I talked about chemotherapy and the kindness of nurses who helped me to make those early days of the treatment chair easier: the value of listening, the importance of a smile or touch, the validation of my fears and hopes.
Suzanne Lindley has been living with metastatic colorectal cancer since 1998. She is the founder of YES! Beat Liver Tumors, an organization for individuals living with metastatic liver tumors, and an advocate for Fight Colorectal Cancer.
On Tuesday morning Ronnie and I dropped Chloe off at school, then Ronnie dropped me off at the airport. I enjoyed an unusually quiet flight to Memphis with no one seated in the rows to the front, side, or back of me. I felt as though I were on my own private jet. I settled into the hotel and answered emails before getting ready to share my story with 30-plus Memphis Chapter Oncology Nurses.
I arrived early to the hotel and walked in with the other presenters. There was a nurse sitting at a table as we entered. One of the others asked, "How are you?" Her reply was, "finer than a frog's hair split three ways!" I immediately knew that my Texas accent would need NO interpretation and that I might even get by with a "y'all" once or twice.
I sat at a table near the front, welcomed by the nurses at my table. I enjoyed watching all of them interact from table to table; obviously a close knit group. I heard stories of the unsung simple heroics that nurses offer to patients every day. One talked about rolling with her patient to radiation to ease fears, another about the experienced art of listening, and yet another a fellow nurse who was having surgery. The meeting started and the room was buzzing with the voices of comradery. I listened as the dinner fell into a routine or minutes, updates and a special presentation on radioembolization. The room had fallen into a hush.
As I was introduced, I decided to stand in the center of the tables to speak so that I could look around and see all the faces. I wanted to connect with every nurse in every seat. I began with my diagnosis at 31...and reminded everyone how important it is to have a colonoscopy at 50 but in addition to be cognizant of their family history. I talked about chemotherapy and the kindness of nurses who helped me to make those early days of the treatment chair easier: the value of listening, the importance of a smile or touch, the validation of my fears and hopes. I opened up about how my personal fears of being diagnosed with cancer that had spread to the liver - terminal cancer - and how that had affected me.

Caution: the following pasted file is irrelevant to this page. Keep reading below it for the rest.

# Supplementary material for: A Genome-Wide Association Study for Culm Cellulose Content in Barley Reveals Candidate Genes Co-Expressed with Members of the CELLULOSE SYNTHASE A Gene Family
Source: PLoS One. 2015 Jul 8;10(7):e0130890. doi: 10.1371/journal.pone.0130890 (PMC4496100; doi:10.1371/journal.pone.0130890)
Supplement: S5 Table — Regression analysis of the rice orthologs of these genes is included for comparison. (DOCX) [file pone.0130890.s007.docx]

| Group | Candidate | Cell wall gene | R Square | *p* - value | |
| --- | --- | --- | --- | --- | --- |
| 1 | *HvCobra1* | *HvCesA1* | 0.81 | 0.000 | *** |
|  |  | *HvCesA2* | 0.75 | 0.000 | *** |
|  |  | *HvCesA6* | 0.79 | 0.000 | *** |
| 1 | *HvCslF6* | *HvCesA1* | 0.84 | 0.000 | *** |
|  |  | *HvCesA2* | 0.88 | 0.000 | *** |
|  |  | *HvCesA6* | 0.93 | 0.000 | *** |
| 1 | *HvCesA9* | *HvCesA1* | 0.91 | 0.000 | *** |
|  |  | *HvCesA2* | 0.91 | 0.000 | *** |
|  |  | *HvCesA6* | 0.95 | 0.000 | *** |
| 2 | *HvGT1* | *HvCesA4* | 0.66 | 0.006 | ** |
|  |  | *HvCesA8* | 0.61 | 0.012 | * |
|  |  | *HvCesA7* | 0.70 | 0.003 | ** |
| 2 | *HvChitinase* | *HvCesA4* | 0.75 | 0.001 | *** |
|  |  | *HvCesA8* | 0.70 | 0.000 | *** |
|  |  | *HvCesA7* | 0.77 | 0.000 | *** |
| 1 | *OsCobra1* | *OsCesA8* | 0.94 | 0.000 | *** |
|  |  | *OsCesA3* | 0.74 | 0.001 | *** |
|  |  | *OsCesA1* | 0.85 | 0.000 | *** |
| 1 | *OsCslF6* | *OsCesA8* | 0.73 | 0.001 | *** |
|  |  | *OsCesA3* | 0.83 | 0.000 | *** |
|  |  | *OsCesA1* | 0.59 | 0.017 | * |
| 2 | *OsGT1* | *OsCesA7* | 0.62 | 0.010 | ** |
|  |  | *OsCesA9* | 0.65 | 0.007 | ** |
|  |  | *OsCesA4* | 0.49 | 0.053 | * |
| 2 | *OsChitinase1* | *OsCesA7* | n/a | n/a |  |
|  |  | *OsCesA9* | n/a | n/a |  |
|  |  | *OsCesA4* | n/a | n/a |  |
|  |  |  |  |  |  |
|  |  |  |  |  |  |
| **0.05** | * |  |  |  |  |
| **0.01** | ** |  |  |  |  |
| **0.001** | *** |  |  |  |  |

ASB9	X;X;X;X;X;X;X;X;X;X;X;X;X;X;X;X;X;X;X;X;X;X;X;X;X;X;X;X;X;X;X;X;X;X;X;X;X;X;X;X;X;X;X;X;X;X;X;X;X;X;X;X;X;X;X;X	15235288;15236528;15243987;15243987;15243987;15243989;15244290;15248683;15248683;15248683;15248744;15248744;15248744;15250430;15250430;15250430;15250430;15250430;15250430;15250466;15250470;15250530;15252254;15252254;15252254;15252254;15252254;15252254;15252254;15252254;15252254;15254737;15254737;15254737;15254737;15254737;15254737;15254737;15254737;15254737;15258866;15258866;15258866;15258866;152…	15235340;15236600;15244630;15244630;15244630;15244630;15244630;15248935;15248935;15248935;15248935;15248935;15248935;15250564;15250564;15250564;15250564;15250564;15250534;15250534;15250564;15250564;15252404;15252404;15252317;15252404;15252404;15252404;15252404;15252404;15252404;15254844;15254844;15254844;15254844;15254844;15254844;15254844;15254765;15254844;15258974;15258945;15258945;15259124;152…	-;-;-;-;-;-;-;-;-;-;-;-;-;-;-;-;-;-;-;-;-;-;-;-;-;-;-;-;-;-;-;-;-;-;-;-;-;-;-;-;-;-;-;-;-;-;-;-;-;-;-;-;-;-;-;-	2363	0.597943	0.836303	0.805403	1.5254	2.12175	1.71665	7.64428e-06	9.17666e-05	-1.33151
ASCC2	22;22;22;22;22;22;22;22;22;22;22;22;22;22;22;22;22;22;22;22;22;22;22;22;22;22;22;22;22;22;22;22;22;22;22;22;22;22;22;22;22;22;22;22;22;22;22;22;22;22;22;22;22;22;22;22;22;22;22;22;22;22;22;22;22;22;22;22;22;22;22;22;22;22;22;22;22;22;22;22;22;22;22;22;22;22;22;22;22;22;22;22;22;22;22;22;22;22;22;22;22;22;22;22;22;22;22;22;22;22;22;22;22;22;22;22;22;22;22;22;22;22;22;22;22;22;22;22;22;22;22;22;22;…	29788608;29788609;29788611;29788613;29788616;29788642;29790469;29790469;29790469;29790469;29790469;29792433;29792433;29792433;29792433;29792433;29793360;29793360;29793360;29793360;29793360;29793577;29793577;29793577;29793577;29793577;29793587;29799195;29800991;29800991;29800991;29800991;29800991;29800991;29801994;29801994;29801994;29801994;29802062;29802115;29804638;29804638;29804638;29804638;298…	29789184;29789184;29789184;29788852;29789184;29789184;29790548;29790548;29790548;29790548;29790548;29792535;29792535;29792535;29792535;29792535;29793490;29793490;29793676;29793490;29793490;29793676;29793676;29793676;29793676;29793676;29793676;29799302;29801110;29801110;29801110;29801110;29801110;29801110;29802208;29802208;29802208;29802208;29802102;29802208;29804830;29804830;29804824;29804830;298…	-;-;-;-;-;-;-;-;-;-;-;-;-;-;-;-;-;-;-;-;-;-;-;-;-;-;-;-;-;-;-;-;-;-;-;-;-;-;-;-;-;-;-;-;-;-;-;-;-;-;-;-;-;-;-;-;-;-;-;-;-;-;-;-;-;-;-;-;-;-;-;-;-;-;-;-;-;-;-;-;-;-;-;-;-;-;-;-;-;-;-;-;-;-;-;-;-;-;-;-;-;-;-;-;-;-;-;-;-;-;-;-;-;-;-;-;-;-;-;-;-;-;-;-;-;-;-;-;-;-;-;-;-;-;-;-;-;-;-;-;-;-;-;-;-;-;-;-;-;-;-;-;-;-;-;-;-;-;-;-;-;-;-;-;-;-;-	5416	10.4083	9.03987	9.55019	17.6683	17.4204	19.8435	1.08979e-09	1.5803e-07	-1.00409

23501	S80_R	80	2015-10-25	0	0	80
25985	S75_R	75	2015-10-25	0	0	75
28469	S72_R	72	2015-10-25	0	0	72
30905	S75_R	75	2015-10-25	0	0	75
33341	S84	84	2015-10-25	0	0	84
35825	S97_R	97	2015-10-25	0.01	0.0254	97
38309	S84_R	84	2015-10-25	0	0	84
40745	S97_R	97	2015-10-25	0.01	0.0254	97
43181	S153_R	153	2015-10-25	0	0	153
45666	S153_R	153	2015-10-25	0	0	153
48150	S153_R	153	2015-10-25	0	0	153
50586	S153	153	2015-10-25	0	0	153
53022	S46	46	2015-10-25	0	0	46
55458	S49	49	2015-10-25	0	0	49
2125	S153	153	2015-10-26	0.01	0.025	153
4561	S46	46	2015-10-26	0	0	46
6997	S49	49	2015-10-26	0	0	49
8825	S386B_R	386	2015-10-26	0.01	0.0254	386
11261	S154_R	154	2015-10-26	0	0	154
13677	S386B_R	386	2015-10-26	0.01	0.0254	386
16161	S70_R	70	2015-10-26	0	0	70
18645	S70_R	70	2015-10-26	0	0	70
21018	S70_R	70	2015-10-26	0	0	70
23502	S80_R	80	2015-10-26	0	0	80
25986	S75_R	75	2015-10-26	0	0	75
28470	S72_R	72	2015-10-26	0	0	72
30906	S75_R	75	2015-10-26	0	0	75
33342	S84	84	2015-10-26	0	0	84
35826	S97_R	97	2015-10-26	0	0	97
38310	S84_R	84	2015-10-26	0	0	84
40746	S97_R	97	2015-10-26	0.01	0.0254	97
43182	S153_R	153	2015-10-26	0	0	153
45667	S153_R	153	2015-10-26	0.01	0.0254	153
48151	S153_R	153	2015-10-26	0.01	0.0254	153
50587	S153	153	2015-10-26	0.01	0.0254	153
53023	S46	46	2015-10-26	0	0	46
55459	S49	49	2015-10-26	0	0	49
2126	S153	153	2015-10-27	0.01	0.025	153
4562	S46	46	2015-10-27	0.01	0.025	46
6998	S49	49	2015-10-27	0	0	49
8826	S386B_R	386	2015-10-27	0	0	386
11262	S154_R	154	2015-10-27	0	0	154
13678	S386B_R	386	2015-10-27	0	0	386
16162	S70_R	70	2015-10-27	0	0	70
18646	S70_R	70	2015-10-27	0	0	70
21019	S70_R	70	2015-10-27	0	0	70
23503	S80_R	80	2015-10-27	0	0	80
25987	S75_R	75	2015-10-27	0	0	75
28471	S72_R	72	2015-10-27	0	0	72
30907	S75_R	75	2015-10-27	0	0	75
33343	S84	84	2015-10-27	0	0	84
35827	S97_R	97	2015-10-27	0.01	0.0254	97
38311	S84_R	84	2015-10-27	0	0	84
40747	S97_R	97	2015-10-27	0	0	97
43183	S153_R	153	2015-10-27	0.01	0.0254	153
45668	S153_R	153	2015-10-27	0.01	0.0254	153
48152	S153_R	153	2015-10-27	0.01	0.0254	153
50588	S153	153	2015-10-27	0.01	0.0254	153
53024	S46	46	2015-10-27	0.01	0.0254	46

I shared of how I had reached out to Keith Lyons, a social worker at CancerCare, with my very real terror of the thought of dying and having no hope. I then told of his response that so many of my friends know helped shape much of these last several year. They are words worth repeating.
Keith said, "You have no control over how you will die, but you have all the power in the world to choose how you will live. Today, you are alive. He then said that hope was mine and that no one could take it away." A few days later he emailed me photos of Hope in the Sand and said that when hope seemed to disappear, all I would have to do is look at the photos.
I looked around the room and saw nods of approval and even a few tears of understanding. I discussed the renewal of hope I felt with the possibility of SIR-Spheres microspheres and the reversal of tumor growth that I expereienced. I explained how an outpatient procedure literally changed hopeless to hopeful, how my tumors had shrunk, and I was once again able to receive other treatments and move forward.
That brought conversation about the importance of awareness and the necessity of support. I showed a video of the accomplishments of YES! (beatlivertumors.org
) and ended with the wonderful celebration of my seven year old's birthday. I left the room with great memories of my talk and of meeting some phenomenal nurses.....some that are newfound friends.
So here's a big shout out to ONS - Memphis! 'Til we meet again!